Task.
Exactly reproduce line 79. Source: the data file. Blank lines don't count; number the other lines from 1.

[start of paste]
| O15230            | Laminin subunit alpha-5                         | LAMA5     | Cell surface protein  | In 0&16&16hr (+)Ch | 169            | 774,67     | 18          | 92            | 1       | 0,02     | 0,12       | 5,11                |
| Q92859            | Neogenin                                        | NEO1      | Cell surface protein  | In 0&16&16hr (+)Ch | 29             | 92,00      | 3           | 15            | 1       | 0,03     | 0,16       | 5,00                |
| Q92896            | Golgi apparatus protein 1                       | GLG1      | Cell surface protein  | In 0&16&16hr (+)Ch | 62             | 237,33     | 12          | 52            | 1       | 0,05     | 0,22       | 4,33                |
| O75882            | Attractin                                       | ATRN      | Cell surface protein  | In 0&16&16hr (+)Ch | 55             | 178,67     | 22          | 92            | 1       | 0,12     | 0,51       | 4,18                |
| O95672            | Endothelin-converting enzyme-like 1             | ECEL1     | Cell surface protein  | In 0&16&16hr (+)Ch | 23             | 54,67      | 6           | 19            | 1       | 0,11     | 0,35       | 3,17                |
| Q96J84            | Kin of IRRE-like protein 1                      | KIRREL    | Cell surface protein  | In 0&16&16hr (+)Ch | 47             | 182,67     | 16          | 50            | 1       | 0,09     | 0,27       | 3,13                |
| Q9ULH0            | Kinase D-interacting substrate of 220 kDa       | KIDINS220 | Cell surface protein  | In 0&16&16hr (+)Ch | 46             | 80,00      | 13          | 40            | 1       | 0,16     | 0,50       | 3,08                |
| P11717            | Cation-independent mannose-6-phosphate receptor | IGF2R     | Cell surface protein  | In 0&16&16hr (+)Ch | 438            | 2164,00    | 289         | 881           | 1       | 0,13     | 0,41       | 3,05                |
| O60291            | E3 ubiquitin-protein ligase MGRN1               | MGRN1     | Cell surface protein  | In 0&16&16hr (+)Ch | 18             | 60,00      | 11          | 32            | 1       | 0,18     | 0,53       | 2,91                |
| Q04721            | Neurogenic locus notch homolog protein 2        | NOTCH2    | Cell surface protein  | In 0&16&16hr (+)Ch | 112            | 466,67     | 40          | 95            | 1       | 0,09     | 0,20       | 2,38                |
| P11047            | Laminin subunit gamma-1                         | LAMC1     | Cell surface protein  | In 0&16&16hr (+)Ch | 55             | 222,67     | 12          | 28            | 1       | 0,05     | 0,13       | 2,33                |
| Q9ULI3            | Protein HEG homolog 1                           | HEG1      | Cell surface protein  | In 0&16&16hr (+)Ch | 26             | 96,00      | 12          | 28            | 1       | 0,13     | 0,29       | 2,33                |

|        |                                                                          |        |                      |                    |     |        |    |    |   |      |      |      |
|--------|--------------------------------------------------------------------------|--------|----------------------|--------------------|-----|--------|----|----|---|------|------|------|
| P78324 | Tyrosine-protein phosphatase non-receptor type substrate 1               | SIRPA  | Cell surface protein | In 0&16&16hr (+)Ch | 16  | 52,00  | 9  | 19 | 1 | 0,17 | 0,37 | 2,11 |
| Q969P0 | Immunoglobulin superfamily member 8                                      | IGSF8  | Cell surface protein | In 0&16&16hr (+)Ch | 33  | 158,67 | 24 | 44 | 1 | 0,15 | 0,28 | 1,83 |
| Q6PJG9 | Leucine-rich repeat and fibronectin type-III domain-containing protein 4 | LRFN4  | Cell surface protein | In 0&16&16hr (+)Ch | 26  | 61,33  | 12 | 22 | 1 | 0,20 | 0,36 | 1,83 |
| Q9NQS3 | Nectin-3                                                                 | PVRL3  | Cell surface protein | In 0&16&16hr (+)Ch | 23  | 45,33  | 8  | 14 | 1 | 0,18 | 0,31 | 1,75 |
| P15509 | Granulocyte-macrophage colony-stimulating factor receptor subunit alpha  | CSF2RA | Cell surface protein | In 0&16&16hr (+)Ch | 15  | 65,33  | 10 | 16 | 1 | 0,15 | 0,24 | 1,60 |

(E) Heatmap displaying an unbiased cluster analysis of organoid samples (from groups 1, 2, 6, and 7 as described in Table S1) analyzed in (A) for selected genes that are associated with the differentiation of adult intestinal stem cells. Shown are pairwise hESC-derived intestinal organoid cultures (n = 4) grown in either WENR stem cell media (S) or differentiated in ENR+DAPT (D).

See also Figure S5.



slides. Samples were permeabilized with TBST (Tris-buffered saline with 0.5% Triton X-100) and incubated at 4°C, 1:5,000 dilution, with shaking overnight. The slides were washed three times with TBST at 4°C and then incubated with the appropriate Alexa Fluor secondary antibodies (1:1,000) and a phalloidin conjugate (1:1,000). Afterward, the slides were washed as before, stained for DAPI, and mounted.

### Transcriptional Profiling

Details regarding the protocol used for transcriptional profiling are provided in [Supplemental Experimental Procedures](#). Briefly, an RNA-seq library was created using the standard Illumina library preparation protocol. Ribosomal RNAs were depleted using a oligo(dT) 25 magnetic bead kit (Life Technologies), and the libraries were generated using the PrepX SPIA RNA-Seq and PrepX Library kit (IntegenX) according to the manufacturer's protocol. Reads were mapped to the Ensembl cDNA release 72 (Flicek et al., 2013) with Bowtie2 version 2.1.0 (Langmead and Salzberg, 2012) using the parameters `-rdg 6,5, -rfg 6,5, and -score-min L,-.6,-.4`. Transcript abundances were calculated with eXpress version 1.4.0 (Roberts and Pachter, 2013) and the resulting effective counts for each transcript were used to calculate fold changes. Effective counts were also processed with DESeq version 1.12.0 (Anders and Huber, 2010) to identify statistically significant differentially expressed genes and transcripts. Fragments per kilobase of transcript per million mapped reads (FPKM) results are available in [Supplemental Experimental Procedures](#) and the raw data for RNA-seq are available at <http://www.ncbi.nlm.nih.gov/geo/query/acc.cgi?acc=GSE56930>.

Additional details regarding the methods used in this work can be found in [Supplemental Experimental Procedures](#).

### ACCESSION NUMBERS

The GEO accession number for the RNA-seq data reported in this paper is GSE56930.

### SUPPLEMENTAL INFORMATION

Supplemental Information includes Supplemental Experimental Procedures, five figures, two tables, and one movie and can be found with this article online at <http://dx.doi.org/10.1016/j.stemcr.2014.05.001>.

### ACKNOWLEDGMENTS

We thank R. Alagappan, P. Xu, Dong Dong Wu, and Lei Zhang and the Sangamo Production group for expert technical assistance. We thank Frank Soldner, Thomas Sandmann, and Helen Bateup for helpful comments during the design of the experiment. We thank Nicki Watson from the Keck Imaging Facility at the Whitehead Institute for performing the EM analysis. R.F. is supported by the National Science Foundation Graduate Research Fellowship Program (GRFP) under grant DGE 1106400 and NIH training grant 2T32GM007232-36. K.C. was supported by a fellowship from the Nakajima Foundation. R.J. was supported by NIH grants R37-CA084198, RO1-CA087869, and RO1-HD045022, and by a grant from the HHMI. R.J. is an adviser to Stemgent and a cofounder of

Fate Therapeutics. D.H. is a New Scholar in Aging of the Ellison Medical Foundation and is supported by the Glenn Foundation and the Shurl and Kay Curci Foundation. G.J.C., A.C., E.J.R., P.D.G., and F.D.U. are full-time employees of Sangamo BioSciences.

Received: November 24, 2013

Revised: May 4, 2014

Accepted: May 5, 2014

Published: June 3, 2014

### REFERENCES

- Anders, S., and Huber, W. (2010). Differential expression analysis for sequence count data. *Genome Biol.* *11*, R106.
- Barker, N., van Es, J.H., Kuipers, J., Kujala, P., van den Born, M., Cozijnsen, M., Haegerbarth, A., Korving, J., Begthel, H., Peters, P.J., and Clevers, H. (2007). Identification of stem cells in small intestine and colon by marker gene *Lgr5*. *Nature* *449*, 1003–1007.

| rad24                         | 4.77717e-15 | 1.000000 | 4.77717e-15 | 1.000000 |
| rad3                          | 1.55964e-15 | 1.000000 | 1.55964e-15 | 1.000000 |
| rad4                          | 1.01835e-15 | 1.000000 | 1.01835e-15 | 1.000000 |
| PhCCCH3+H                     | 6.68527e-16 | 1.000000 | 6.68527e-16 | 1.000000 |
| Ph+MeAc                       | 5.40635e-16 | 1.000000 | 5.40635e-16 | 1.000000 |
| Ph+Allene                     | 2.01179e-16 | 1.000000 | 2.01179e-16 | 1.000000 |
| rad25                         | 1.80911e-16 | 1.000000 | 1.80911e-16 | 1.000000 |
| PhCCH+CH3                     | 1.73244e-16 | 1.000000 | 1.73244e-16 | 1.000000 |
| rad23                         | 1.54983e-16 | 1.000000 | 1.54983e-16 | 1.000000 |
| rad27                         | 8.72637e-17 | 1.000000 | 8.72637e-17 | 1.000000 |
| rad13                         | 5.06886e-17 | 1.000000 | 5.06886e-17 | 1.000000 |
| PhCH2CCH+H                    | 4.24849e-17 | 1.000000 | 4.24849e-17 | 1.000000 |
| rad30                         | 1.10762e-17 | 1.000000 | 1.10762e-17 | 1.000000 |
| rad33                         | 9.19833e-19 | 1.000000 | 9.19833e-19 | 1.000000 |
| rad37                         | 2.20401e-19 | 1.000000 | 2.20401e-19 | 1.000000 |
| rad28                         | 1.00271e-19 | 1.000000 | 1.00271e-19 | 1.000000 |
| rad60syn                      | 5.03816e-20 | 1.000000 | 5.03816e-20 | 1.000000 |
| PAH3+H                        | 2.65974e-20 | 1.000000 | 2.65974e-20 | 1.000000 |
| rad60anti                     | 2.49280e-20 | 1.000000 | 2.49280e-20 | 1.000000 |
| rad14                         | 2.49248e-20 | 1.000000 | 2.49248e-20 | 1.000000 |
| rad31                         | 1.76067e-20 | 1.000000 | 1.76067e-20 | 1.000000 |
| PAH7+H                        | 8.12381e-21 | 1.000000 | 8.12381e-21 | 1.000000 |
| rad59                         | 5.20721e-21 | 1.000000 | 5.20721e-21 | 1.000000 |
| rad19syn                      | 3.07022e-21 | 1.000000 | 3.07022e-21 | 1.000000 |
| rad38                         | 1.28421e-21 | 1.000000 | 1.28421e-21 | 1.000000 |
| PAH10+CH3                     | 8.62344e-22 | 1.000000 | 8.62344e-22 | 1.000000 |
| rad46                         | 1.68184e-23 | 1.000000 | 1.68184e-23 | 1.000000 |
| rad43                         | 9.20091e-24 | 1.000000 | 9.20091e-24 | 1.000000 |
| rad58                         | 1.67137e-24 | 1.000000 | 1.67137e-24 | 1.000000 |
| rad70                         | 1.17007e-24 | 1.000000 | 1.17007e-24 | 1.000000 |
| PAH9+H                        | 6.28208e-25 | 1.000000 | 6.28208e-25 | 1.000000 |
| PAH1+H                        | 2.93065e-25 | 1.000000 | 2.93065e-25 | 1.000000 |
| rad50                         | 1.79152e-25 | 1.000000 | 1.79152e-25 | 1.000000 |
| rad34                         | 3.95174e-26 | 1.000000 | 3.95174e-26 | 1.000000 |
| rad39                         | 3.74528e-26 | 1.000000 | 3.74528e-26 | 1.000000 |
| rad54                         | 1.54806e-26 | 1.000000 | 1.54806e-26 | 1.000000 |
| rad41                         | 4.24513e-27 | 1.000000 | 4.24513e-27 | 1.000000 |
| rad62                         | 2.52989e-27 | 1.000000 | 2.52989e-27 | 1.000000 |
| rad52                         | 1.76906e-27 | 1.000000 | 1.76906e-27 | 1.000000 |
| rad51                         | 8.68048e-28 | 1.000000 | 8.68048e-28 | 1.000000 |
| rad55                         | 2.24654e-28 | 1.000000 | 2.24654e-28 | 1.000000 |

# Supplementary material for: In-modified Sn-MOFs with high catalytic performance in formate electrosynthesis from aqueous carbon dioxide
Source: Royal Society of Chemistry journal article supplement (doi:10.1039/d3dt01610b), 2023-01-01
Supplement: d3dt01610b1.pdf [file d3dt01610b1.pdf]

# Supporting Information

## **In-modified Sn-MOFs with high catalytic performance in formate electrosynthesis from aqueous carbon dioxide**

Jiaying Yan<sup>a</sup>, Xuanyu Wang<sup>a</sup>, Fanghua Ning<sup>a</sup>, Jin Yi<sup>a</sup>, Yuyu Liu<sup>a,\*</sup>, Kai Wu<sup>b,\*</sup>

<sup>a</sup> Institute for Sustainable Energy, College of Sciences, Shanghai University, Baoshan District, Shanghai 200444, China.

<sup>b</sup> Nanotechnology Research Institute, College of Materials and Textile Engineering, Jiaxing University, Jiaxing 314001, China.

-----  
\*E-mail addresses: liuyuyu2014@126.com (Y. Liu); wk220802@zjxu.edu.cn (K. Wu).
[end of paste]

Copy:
| rad51                         | 8.68048e-28 | 1.000000 | 8.68048e-28 | 1.000000 |